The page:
The Books on Barack Obama’s Summer Reading List (2019)

Pho­to by Pete Souza via

As is his cus­tom, Barack Oba­ma post­ed on Face­book his sum­mer read­ing list, a mix of nov­els, mem­oirs, and instruc­tive non-fic­tion. If you haven’t achieved the per­fect state of tsun­doku, you can get a few new reads for the wan­ing days of sum­mer. Pres­i­dent Oba­ma writes:

It’s August, so I want­ed to let you know about a few books I’ve been read­ing this sum­mer, in case you’re look­ing for some sug­ges­tions. To start, you can’t go wrong by read­ing or re-read­ing the col­lect­ed works of Toni Mor­ri­son. Beloved, Song of Solomon, The Bluest Eye, Sula, every­thing else — they’re tran­scen­dent, all of them. You’ll be glad you read them. And while I’m at it, here are a few more titles you might want to explore:

Some­times dif­fi­cult to swal­low, The Nick­el Boys by Col­son White­head is a nec­es­sary read, detail­ing the way Jim Crow and mass incar­cer­a­tion tore apart lives and wrought con­se­quences that rip­ple into today.

Exha­la­tion by Ted Chi­ang is a col­lec­tion of short sto­ries that will make you think, grap­ple with big ques­tions, and feel more human. The best kind of sci­ence fic­tion.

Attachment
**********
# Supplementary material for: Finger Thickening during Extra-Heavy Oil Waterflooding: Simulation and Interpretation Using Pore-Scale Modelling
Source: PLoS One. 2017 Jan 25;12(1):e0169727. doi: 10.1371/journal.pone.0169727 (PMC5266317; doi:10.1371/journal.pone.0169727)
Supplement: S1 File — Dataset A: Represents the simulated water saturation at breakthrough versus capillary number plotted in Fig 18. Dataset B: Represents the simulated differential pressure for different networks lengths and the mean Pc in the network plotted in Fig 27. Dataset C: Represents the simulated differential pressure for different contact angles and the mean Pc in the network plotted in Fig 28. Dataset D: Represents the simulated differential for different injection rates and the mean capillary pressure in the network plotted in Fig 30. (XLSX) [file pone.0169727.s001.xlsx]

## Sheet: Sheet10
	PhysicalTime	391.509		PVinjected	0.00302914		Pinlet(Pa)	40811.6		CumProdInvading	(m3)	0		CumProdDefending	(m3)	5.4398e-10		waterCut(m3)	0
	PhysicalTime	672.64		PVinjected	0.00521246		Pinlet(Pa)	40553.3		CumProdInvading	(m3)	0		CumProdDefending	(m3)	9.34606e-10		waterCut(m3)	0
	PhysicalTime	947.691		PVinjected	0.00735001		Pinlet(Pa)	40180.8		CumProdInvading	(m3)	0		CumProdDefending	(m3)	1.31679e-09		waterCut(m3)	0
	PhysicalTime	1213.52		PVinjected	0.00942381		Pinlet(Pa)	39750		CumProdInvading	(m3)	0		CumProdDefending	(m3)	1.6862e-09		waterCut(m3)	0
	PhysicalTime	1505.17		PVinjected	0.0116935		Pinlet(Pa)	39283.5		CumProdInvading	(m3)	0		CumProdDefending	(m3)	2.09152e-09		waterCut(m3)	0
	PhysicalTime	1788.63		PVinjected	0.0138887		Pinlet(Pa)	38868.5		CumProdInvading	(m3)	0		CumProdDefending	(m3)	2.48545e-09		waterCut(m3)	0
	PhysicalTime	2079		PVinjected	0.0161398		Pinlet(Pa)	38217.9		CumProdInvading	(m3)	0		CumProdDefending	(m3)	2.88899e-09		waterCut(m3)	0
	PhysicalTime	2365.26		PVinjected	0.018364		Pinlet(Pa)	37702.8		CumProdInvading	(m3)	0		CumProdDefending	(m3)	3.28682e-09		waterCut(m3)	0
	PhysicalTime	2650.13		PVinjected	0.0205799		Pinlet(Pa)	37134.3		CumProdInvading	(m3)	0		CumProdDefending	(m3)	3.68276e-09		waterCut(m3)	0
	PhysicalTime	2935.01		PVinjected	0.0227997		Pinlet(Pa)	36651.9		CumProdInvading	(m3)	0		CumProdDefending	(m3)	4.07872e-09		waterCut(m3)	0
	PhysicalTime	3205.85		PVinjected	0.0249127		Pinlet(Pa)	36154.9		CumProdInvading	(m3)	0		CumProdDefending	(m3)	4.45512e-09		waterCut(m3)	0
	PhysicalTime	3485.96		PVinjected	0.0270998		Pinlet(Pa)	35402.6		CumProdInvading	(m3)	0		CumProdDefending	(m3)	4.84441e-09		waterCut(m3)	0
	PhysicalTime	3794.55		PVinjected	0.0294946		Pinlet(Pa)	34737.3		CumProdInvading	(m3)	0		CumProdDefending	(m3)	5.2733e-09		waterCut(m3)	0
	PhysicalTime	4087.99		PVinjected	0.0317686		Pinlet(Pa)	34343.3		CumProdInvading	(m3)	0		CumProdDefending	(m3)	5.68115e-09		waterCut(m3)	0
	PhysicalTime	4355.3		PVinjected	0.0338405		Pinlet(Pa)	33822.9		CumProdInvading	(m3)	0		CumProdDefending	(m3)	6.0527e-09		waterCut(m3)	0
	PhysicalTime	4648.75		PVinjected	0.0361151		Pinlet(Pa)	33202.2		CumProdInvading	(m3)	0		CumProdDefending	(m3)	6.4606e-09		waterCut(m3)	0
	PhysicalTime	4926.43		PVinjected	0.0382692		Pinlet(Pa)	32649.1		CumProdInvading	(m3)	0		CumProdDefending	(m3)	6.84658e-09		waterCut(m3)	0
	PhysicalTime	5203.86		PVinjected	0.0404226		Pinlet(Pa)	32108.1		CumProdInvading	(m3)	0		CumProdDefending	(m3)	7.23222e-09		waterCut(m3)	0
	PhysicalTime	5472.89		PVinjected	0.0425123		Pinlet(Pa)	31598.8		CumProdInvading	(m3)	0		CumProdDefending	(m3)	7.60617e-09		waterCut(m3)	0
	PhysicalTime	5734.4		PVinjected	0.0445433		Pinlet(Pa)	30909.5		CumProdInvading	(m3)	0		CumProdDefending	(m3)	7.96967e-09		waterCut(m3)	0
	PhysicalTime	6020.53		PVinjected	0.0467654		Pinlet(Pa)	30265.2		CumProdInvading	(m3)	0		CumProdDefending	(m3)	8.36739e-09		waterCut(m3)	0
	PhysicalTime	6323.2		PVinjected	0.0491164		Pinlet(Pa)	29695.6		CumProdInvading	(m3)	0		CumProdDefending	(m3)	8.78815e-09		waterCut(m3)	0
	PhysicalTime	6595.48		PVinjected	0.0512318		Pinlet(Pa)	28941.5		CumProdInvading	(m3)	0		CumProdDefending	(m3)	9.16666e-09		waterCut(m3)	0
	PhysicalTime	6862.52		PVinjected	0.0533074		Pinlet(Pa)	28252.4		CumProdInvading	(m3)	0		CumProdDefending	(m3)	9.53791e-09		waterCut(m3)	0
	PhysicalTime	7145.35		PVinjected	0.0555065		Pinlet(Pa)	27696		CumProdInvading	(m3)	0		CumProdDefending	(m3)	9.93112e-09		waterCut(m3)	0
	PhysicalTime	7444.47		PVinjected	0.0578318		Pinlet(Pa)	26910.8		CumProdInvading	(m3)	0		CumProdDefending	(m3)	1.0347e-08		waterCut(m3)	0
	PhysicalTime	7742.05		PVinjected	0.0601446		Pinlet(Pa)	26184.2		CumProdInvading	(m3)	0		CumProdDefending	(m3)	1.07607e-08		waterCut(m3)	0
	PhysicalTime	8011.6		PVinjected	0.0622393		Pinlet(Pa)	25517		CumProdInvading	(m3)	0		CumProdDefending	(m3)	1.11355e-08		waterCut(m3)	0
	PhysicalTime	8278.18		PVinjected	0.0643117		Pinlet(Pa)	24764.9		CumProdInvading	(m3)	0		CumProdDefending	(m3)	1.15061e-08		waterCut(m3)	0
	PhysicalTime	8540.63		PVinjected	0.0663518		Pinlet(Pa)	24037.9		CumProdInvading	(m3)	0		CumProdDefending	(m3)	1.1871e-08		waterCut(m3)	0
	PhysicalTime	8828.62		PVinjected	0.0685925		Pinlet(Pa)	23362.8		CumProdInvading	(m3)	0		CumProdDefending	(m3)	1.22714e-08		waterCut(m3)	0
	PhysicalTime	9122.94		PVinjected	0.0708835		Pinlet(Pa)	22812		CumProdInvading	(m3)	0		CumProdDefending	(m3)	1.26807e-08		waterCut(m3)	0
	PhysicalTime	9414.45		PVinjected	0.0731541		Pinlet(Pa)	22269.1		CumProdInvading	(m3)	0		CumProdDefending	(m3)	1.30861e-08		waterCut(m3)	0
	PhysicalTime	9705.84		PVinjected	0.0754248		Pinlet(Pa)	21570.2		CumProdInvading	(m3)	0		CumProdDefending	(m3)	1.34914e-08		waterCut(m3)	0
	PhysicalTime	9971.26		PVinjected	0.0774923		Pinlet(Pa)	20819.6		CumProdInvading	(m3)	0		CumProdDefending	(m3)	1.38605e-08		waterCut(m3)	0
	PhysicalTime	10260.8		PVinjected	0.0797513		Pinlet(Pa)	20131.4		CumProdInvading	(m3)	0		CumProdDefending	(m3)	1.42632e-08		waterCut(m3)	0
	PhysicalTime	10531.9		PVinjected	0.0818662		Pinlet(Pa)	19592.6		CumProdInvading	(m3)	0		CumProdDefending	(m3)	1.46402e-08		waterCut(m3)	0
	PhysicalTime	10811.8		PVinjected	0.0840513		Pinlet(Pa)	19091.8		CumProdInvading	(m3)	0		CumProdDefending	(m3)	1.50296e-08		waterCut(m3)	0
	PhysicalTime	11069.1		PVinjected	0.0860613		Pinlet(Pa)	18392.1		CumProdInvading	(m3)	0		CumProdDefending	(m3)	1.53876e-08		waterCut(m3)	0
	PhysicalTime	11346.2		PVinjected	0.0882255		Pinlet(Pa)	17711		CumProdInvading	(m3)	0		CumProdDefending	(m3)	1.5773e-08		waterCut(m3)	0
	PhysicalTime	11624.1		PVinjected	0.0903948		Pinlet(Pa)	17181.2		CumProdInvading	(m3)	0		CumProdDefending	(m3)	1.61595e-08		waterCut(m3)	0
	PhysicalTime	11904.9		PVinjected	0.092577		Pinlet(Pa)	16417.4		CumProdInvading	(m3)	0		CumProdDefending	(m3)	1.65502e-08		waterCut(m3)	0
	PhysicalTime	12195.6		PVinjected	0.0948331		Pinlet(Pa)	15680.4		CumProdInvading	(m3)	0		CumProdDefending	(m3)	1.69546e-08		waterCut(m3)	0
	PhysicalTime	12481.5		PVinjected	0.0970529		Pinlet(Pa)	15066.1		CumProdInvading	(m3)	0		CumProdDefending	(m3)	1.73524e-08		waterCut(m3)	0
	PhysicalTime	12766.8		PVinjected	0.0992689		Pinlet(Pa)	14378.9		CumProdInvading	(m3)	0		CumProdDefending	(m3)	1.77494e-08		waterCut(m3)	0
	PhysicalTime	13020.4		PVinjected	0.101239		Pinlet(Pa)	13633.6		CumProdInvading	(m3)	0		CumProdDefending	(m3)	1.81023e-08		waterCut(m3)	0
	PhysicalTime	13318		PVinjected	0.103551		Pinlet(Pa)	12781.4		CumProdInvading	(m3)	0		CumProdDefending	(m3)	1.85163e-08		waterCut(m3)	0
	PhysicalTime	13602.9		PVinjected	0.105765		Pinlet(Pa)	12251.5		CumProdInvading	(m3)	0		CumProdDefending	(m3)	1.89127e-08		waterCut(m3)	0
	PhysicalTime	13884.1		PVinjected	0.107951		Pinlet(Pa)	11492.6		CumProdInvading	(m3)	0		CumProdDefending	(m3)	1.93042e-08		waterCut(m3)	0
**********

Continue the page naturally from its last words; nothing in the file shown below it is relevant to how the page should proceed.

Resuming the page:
Wolf Hall, Hilary Mantel­’s epic fic­tion­al­ized look at Thomas Cromwell’s rise to pow­er, came out in 2009, but I was a lit­tle busy back then, so I missed it. Still great today.

Haru­ki Murakami’s Men With­out Women exam­ines what hap­pens to char­ac­ters with­out impor­tant women in their lives; it’ll move you and con­fuse you and some­times leave you with more ques­tions than answers.

Amer­i­can Spy by Lau­ren Wilkin­son is a whole lot more than just a spy thriller, wrap­ping togeth­er the ties of fam­i­ly, of love, and of coun­try.

The Shal­lows by Nicholas Carr came out a few years ago, but its argu­ments on the internet’s impact on our brains, our lives, and our com­mu­ni­ties are still wor­thy of reflec­tion, which is some­thing we all could use a lit­tle more of in this age.

Lab Girl by Hope Jahren is a beau­ti­ful­ly writ­ten mem­oir about the life of a woman in sci­ence, a bril­liant friend­ship, and the pro­fun­di­ty of trees. Ter­rif­ic.

Inland by Téa Obre­ht just came out yes­ter­day, so I won’t spoil any­thing. But those of you who’ve been wait­ing for Obreht’s next nov­el won’t be dis­ap­point­ed.

You’ll get a bet­ter sense of the com­plex­i­ty and redemp­tion with­in the Amer­i­can immi­grant sto­ry with Dinaw Mengestu’s nov­el, How to Read the Air.

Maid by Stephanie Land is a sin­gle mother’s per­son­al, unflinch­ing look at America’s class divide, a descrip­tion of the tightrope many fam­i­lies walk just to get by, and a reminder of the dig­ni­ty of all work.

POTUS’ pre­vi­ous lists of rec­om­mend­ed books can be found in the Relat­eds below.

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Relat­ed Con­tent:

Barack Oba­ma Shares a List of Enlight­en­ing Books Worth Read­ing

The 5 Books on Pres­i­dent Obama’s 2016 Sum­mer Read­ing List

A Free POTUS Sum­mer Playlist: Pres. Oba­ma Curates 39 Songs for a Sum­mer Day

The Books on Barack Obama’s Sum­mer Read­ing List: Naipaul, Ondaat­je & More

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